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WEDNESDAY, October 05, 2022
China offers assurances on Mekong's use

China offers assurances on Mekong's use

FRIDAY, December 22, 2017

China has pledged its cooperation on water-resource management and protection of the environment of the Mekong River, but is unlikely to become a full member of the Mekong River Commission (MRC), Chinese officials said this week.

Water resources and environmental integrity are priorities for the Lancang-Mekong Cooperation (LMC), established as a Chinese initiative in 2015 and also including other riverside nations.

The 4,900-kilometre Mekong – known as the Lancang River in China – runs through China, Myanmar, Laos, Thailand, Cambodia and Vietnam. Only the downstream segment, from Laos to Vietnam, is regulated by MRC under the 1995 Mekong Agreement. China offers assurances on Mekong's use Yu Xingjun

China and Myanmar have long been urged to become full members of the MRC and to ratify the 1995 accord on regulating water use, but Beijing prefers to remain a mere dialogue partner, said Yu Xingjun, director general of the International Cooperation Department at China’s Ministry of Water Resources.

He said China and Myanmar’s cooperation with the MRC has always been “very good” in terms of technical matters, building capacity and sharing hydrological information.

“In the future, we will continue to strengthen that cooperation and we will take advantage of this extensive experience and long-term information to conduct our cooperation,” he said.

The MRC recently expressed interest in strengthening ties with the LMC Water Resource Cooperation Centre, Yu said.

He said the LMC water-resource mechanism complements the work of both the MRC and the Greater Mekong Sub-region apparatus. 

“We welcome all the support of other countries and organisations for the LMC and their contributions to sustainable water-resource management.”

China has built seven hydro-power dams and plans a dozen more on the Mekong mainstream, giving it effective control over the flow along the entire length. The upper Mekong within its territory contributes 45 per cent of the river’s flow in the dry season.

Yu argued that China’s dams and reservoirs are also useful for downstream countries in helping relieve droughts and warning of floods.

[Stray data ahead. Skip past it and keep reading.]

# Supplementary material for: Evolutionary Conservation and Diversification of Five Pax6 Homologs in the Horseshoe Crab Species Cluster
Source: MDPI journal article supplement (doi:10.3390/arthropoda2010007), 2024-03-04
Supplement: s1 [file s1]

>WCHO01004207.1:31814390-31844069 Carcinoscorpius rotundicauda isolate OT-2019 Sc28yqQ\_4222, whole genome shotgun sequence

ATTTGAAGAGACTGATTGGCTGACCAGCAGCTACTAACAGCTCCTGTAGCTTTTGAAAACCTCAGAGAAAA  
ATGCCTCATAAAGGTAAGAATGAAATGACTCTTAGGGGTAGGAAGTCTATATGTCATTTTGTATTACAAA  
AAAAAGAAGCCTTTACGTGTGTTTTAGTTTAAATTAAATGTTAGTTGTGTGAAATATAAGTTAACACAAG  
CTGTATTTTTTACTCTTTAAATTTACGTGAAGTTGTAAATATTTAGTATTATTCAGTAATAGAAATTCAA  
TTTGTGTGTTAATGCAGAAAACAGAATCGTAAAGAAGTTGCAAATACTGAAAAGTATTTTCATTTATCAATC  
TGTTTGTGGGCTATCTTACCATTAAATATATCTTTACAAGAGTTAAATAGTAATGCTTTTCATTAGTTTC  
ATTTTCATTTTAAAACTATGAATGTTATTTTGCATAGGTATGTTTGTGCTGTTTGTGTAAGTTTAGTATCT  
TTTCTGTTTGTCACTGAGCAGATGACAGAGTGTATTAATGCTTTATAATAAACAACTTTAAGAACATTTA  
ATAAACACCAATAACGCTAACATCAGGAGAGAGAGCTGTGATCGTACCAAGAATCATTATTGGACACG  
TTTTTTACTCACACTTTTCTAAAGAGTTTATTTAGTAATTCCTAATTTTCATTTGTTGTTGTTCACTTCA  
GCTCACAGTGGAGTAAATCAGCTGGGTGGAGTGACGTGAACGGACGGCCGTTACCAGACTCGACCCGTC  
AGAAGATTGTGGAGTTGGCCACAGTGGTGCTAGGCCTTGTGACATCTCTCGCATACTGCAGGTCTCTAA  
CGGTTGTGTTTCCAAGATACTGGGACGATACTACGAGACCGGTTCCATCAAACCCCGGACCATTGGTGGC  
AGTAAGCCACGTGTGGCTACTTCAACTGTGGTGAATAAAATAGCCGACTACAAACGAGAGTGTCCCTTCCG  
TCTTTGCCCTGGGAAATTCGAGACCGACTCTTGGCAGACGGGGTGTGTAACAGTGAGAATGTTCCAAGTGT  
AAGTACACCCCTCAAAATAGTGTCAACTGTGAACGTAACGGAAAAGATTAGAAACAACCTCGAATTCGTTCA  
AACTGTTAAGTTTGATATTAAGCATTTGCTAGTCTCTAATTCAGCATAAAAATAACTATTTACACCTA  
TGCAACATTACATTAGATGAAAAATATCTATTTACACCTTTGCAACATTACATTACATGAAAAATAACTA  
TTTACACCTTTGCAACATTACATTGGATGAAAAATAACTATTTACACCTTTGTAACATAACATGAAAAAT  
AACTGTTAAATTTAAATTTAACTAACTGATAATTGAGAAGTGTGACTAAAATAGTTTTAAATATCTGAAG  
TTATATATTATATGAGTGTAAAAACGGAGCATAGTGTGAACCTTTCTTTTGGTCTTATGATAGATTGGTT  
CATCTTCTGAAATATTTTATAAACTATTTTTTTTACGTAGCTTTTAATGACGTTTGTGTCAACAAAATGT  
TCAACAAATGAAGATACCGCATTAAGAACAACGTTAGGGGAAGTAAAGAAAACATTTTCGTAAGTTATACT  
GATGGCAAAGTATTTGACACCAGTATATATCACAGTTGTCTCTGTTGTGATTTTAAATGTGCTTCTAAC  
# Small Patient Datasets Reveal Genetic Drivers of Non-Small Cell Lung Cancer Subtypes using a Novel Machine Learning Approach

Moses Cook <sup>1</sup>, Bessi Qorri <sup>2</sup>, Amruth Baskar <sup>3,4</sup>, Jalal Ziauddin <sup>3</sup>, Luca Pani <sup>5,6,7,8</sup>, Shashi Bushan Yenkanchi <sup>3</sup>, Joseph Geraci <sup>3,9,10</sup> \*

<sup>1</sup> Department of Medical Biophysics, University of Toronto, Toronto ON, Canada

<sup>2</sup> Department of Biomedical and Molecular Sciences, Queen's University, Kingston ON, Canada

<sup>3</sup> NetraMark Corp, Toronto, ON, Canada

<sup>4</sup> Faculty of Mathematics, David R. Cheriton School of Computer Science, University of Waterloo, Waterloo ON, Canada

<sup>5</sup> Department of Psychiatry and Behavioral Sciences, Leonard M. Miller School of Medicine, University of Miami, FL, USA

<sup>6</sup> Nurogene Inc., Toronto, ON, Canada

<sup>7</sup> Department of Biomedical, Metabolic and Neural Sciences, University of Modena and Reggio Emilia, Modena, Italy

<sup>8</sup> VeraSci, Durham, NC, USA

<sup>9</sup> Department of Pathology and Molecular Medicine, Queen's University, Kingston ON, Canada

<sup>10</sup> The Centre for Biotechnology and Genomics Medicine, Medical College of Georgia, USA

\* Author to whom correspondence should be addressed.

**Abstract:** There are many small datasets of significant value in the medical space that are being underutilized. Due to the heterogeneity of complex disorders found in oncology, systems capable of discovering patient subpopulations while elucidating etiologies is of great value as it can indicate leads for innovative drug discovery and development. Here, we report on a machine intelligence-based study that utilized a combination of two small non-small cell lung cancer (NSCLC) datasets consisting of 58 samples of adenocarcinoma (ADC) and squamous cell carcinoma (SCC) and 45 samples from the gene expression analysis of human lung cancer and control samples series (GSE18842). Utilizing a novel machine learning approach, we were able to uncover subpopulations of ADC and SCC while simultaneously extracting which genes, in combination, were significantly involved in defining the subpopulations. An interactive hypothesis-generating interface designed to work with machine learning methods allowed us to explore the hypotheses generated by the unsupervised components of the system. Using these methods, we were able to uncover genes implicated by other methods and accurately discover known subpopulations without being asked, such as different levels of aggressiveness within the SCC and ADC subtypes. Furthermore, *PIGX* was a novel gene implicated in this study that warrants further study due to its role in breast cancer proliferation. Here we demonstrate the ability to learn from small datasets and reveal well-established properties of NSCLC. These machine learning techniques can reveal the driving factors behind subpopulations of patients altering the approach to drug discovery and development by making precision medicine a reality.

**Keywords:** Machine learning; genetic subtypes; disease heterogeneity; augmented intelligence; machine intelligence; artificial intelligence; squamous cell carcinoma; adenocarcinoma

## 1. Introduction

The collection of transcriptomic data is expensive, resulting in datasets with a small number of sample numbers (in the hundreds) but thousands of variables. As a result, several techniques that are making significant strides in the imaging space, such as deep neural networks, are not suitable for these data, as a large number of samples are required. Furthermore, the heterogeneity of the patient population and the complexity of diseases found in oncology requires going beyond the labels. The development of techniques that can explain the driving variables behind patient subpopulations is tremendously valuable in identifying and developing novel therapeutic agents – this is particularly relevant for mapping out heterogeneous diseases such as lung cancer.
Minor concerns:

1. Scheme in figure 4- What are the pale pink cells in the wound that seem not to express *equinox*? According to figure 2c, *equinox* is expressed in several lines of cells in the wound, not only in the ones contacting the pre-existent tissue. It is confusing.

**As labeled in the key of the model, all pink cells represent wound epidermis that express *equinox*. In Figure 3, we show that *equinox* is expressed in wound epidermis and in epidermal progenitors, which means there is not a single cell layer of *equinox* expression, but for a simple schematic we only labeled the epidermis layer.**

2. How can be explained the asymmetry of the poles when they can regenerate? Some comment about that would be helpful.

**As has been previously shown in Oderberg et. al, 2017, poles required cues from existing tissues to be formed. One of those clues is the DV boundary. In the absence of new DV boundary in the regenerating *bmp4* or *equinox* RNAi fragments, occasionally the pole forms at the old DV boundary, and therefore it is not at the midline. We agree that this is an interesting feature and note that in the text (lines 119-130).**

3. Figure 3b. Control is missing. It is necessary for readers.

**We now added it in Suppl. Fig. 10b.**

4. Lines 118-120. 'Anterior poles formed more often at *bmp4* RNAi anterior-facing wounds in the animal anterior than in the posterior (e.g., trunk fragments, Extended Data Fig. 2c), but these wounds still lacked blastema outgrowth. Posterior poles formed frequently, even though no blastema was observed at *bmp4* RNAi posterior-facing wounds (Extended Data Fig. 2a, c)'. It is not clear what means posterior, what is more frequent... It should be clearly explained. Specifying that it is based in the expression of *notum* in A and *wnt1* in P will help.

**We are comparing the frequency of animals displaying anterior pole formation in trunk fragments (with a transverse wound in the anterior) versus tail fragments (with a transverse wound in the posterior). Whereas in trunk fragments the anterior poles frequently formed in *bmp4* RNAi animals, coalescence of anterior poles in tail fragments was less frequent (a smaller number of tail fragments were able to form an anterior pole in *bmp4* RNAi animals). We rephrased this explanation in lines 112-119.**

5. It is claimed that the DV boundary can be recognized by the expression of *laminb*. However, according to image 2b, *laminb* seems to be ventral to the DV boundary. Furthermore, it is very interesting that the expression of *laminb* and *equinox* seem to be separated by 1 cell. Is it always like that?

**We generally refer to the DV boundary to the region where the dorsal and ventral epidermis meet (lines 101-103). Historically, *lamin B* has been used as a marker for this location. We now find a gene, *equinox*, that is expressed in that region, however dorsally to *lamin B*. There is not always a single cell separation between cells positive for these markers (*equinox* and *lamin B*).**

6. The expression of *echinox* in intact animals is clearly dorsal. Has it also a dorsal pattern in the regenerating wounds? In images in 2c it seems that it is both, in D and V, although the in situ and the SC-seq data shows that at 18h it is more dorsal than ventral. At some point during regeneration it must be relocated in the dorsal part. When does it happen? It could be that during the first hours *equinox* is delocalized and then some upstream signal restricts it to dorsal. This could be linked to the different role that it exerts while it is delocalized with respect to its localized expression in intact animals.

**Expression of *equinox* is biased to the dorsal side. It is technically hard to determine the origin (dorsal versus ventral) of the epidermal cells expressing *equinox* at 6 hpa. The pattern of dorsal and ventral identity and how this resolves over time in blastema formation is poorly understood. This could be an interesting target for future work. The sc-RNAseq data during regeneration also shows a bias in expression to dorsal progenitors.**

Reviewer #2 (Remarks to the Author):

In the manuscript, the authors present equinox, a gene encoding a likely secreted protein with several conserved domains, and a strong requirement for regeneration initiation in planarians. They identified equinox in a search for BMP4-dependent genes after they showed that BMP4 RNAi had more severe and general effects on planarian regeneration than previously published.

In March last year, he said, downstream countries suffered the most extreme drought seen in a century. At Vietnam’s request, the Jinhong reservoir in Yunnan province released water to help ease the situation. 

“And this played a very important role in eliminating the drought, from which China also suffered,” Yu said.

China also has an agreement with the MRC to provide it with hydrological information during the rainy season, he said. Through the Lancang-Mekong Joint Working Group established a year ago, it further provides useful information during times of flood.

When Thailand and Myanmar suffered severe flood in recent years, the Chinese government dispatched expert consultants. “In the near future, we will do evaluations of flood and drought disasters for the Mekong countries so we can organise future work plans,” he said. China offers assurances on Mekong's use Zhou Guomei

Zhou Guomei, acting director general of the Lancang Mekong Environmental Cooperation Centre, said China was conscious of environmental concerns raised about its development projects, and her agency and the LMC Water Resource Cooperation Centre are pooling efforts to address those concerns.

“Our objective is the same – to protect the environment for the benefit of the people,” she said.

She said her centre would serve as the umbrella for diverse cooperation efforts on projects pertaining to environmental governance, biodiversity conservation, capacity building and environment-sharing platforms.

Zhou said she too preferred building a network with existing regional and sub-regional mechanism to address environmental objectives. “China participates very actively in sharing information to promote activities more comprehensively and efficiently,” she said.